The Other Carterton Railway Station
If you open up Google maps and type Carterton in the search window, you will get two towns. Carterton,
New Zealand, and Carterton, UK.
The Carterton in the UK
is 23 kilometres west of Oxford as the crow flies. It is the second to largest town in
the local government district West Oxfordshire which is part of the county of Oxfordshire. The population of Carterton UK in the 2011 census
was 15,769, about three times that of Carterton, NZ.
Both Cartertons have had railway stations. Carterton, NZ still has its station and it
is well used. Carterton, UK was less fortunate. The station was opened 1944
and closed a mere 18 years later. This article describes the Carterton, UK station and its history.
Railway Station: general
The Carterton, UK railway station
was opened October 2, 1944 to service the airforce base RAF Brize Norton
that had opened May 1937. The station was on the now defunct
East Gloucestershire Railway
(EGR) 1.3 kilometres south of Carteton. The station was closer to the village of
Black Bourton, population 266 in the 2011 census, than Carterton
and there had been some thought of calling the station Black Bourton.
The EGR opened January 14, 1873. The railway ran 23.5 kilometres from
Fairford station in the west to Witney passenger station (there was also a Witney goods yard) in the east.
West to east was called the up line and east to west the down line.
Table 1 lists the year of opening, the distance from the previous station, and the altitude of the
stations on the East Gloucestershire Line. The distances are taken mostly from the "Route" page of the
EGR website referenced above. The altitudes are those of the village
or town with the same name as the station.
||3 miles 418 yards
|Kelmscott and Langford
||2 miles 770 yards
||Altitude of Kelmscott
||2 miles 198 yards
|Brize Norton and Bampton
||1 mile 704 yards
||The station was originally called Bampton. The name was changed to Brize Norton and Bampton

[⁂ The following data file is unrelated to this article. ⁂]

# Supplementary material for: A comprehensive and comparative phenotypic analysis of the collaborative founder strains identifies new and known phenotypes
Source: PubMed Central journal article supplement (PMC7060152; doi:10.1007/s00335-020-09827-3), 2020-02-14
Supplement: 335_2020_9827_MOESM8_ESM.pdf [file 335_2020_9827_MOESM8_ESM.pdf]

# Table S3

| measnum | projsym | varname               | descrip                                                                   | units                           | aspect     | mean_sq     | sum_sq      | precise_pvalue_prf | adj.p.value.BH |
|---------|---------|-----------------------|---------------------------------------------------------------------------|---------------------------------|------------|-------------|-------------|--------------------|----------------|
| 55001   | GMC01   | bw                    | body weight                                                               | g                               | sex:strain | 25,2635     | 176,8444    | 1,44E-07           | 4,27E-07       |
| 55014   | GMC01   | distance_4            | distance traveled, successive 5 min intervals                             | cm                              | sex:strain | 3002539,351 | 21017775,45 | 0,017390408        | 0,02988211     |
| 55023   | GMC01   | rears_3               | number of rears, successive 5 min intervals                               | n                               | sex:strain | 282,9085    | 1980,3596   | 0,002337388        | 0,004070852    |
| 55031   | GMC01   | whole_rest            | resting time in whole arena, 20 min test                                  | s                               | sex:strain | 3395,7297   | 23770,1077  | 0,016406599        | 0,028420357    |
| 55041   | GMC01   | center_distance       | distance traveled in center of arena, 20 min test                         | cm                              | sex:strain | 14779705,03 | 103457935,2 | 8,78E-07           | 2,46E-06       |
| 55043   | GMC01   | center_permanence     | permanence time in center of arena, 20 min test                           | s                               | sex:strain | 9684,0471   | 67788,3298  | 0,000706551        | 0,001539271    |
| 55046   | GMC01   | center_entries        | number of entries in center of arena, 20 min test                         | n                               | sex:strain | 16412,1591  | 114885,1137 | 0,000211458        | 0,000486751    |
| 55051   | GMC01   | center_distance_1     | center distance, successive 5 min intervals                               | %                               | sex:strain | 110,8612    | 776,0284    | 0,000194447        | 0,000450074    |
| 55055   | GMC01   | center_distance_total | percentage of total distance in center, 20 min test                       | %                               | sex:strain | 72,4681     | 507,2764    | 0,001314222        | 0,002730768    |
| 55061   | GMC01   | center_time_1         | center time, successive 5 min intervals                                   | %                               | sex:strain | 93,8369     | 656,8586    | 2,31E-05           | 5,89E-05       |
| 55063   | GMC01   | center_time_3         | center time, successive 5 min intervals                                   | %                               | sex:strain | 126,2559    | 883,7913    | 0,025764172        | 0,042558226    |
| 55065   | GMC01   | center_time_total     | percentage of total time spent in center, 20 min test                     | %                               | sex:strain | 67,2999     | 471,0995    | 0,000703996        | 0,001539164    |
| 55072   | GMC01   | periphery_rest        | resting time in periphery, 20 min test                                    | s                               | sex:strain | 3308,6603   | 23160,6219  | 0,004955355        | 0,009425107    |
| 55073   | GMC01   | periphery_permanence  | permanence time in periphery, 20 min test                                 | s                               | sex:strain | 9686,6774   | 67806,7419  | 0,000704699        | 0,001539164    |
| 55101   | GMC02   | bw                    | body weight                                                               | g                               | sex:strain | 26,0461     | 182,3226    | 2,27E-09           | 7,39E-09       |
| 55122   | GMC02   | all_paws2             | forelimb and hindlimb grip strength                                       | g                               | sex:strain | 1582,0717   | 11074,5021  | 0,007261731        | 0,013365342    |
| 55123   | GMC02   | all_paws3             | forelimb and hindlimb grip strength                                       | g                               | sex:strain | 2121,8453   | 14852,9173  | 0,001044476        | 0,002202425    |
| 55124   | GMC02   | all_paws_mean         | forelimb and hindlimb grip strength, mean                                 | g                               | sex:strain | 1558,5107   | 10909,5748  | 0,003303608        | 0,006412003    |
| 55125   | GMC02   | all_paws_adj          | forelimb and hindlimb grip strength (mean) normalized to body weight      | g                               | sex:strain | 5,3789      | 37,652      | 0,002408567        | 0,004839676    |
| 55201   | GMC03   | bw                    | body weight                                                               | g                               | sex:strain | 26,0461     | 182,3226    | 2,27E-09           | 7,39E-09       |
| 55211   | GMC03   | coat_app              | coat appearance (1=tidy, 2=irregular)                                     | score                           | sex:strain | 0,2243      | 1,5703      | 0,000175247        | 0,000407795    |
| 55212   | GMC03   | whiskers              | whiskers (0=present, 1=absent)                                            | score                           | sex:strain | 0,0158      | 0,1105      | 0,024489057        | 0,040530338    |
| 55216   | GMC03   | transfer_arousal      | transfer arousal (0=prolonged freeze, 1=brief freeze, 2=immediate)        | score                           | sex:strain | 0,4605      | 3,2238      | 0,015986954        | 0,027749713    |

May 1, 1940. The altitude is that of RAF Brize Norton.
||4 miles 1232 yards
Having seven stations on the line (from 1944) meant the average distance between stations was less
than four kilometres. Alvescot was very close to Carterton, just over 1.2 kilometres away. The
altitudes show the line was mostly flat.
The railway line continued on another 12 kilometres east from Witney through three stations to Witney Junction at Yarnton. The
line from Witney to Yarnton was called the
This railway was opened November 13, 1861.
The Great Western Railway
(GWR) worked the East Gloucestershire and Witney lines. The GWR absorbed the
EGR July 1, 1890; the Witney Railway sold out to the GWR on the same day.
From then on, the Fairford to Yarnton line was a branchline of the GWR.
Railway Station: specific
Figure 1 is a 1962 photograph of the station taken from a train, looking in the up direction which is towards Oxford.
Figure 1. 1962 photograph of the railway station in Carterton, UK. By Geoffrey Skelsey (Own work) [CC BY-SA 4.0],
via Wikimedia Commons
The large building on the left is the station building. This was also the shelter for the up line. The Wikipedia
page on the Carterton, UK Station describes the building as 'an austere War Department-type structure resembling an RAF hut',
and goes on to say 'The front of the building was sheltered by a makeshift asbestos canopy'. The end wall facing
the photographer appears to be made of concrete blocks. The colour photograph
of the other end of the station building in 1979, 17 years after the station was closed,
shows concrete blocks for the top of the wall and bricks for the bottom of the wall.
The Google aerial image of the station shows that the station was approximately
36 metres long.
If we walk along the platform towards Oxford, we next encounter a small corrugated building set back from the platform.
The building has an arched roof and what appears to be an entrance on the side facing the tracks.
Continuing our walk, we next encounter a lower quadrant stop signal. After this we reach the end of the platform,
walk down its sloped end and go past the signal box on wooden planks. In the distance we see an over bridge. This was on an old road between Black